No. 5: RUDIMENTARY PENI Death Church LP Another band that was totally original that once heard have haunted me ever since. I was drawn in by Nick Blinko’s mind-blowing artwork, but that was just the tip of a very dark, twisted iceberg, because the music crawled all over you like a plague of insects, and the lyrics veered from politically charged to totally surreal. Never saw them live, and almost certainly never will, which is a sad realisation I doubt I’ll ever quite come to terms with. Perversely they were meant to be a bit crap onstage anyway, and when you think about it, how exactly are you meant to capture something this otherworldly in a dingy back room of a pub? So perhaps I’m better off not seeing them, and they can exist in my head just as I imagine them.
No. 6: SUBHUMANS The Day The Country Died LP The Subhumans are not only the most consistently good live punk band ever – I’ve NEVER seen them do a bad gig – but they’re also the single biggest influence on my own bass playing over the last thirty years. They’ve written some of the best tunes in anarcho punk, Dick Lucas is one of the most likeable front men in the scene, and they’ve survived – prospered – to this day without compromising their artistic integrity, by simply doing what they do with a minimum of fuss and fanfare.
No. 7: CORROSION OF CONFORMITY Animosity LP My love of ‘crossover’ started right here! I got into thrash metal through hardcore bands like DRI, Agnostic Front (those double bass drums on Eliminator!), Excel and Beyond Possession, but there’s something about Animosity that’s just so fucking intense – Mike’s voice and bass playing are dripping hot and red raw, Reed’s all over his kit like a rash, and Woody’s riffs sound like a cross between Black Sabbath and Septic Death. Top it all off with that Pushead art, and you have a bona fide classic!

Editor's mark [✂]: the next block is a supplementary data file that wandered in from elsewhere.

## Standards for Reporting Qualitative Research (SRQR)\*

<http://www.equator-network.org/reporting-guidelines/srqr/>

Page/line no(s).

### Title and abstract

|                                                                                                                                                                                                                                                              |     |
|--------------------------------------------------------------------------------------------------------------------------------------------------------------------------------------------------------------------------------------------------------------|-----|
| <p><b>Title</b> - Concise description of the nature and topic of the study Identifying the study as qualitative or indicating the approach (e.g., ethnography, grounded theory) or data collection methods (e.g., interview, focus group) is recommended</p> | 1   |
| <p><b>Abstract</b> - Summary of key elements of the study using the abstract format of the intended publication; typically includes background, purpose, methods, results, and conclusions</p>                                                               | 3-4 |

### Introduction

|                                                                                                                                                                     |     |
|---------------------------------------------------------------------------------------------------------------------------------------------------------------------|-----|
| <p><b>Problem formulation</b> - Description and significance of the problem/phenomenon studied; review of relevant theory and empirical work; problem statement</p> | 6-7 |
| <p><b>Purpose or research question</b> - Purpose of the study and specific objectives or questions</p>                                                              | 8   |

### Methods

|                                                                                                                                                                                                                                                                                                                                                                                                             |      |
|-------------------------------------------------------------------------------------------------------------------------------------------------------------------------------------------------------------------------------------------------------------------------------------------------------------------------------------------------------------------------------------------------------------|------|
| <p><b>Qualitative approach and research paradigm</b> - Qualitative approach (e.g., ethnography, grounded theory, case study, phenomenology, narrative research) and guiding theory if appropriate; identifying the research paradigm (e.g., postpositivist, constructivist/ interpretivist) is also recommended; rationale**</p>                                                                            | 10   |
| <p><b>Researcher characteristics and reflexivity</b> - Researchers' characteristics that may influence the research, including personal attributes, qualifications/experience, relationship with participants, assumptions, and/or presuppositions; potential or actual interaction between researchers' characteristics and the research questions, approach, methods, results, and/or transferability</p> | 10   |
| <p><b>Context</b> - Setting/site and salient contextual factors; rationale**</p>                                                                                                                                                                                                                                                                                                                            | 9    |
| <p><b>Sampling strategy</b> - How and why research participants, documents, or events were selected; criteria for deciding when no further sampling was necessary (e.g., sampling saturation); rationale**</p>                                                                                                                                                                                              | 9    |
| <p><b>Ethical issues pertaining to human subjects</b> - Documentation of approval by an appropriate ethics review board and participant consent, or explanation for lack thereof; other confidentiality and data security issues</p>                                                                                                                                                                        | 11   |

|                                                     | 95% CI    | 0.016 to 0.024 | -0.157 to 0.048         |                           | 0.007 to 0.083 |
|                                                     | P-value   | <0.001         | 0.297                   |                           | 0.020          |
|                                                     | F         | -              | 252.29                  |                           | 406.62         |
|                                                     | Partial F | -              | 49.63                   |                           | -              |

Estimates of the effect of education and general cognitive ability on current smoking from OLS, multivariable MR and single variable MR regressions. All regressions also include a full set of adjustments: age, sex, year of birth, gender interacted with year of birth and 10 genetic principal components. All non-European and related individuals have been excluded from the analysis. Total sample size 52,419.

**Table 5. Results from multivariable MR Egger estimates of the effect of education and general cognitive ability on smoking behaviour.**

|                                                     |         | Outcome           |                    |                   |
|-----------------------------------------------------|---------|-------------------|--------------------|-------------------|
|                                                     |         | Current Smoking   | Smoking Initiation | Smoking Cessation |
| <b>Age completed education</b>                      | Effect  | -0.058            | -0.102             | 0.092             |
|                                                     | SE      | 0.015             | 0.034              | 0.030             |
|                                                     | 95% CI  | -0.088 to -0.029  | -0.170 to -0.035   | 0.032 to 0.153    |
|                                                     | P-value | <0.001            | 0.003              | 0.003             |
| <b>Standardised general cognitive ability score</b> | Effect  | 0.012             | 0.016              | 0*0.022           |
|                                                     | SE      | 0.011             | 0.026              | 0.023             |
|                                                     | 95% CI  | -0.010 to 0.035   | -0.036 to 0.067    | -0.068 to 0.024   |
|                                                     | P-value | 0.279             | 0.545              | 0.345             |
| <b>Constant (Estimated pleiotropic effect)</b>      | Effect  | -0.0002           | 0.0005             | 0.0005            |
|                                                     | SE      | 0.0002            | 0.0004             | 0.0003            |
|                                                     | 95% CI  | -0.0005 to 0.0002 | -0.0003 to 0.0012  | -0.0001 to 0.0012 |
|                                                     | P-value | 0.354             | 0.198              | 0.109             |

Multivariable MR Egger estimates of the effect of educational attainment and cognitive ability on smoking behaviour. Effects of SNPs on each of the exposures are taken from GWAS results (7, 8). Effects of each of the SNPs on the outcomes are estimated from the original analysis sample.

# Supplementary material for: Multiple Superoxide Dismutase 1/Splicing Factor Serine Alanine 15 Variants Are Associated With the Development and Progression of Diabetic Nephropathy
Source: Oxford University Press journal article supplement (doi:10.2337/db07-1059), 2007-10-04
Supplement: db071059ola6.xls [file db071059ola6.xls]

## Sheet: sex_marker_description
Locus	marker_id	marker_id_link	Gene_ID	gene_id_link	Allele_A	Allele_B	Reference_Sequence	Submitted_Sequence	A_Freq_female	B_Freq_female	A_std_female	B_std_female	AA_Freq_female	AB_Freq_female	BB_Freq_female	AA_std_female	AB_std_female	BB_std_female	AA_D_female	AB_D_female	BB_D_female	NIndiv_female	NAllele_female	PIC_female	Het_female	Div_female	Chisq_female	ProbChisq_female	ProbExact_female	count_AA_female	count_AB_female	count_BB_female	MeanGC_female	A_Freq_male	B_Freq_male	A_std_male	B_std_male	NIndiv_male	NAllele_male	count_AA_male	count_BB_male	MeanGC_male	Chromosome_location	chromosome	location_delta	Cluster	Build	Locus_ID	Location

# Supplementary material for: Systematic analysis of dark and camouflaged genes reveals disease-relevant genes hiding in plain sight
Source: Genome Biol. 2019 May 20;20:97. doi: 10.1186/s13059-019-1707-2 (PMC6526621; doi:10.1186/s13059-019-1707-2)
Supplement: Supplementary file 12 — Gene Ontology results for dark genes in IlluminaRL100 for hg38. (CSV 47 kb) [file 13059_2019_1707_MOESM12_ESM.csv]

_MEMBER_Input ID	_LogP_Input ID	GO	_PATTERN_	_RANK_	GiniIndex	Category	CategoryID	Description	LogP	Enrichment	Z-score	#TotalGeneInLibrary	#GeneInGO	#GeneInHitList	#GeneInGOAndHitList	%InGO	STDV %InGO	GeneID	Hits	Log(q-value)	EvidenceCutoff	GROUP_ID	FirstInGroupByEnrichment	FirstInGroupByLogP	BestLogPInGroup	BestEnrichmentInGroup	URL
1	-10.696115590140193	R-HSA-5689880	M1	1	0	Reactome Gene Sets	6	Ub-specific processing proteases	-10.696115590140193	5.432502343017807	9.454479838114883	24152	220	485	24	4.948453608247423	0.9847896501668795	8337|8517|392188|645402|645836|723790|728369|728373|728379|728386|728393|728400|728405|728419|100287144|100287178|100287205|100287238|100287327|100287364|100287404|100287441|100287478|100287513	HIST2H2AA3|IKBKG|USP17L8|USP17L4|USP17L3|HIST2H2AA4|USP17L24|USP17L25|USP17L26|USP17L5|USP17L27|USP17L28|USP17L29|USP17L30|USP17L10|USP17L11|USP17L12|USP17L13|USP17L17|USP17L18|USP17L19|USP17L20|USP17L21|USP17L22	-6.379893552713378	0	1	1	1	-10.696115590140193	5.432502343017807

No. 8: SLAYER Reign in Blood LP I thought Hell Awaits was fun, but nothing really prepared me for this! I first heard it when Gizz Butt played me an advance cassette of it when we stayed over at his place, when Decadence Within supported Desecrators in Peterborough, and I can remember us all huddling around this little C60 like it was the Holy Grail, ha,ha! I still think the mid-section of Angel Of Death has the best riffs in all of thrash metal (closely followed by the main riff of Megadeth’s Holy Wars…), but there isn’t a bad song on here, and the malicious energy they generate is almost palpable. Saw them in Brum on this tour too, back when they were a genuine force to be reckoned with, and they fucking destroyed the place. Cheesy upside-down crosses made out of light bulbs ‘n’ all.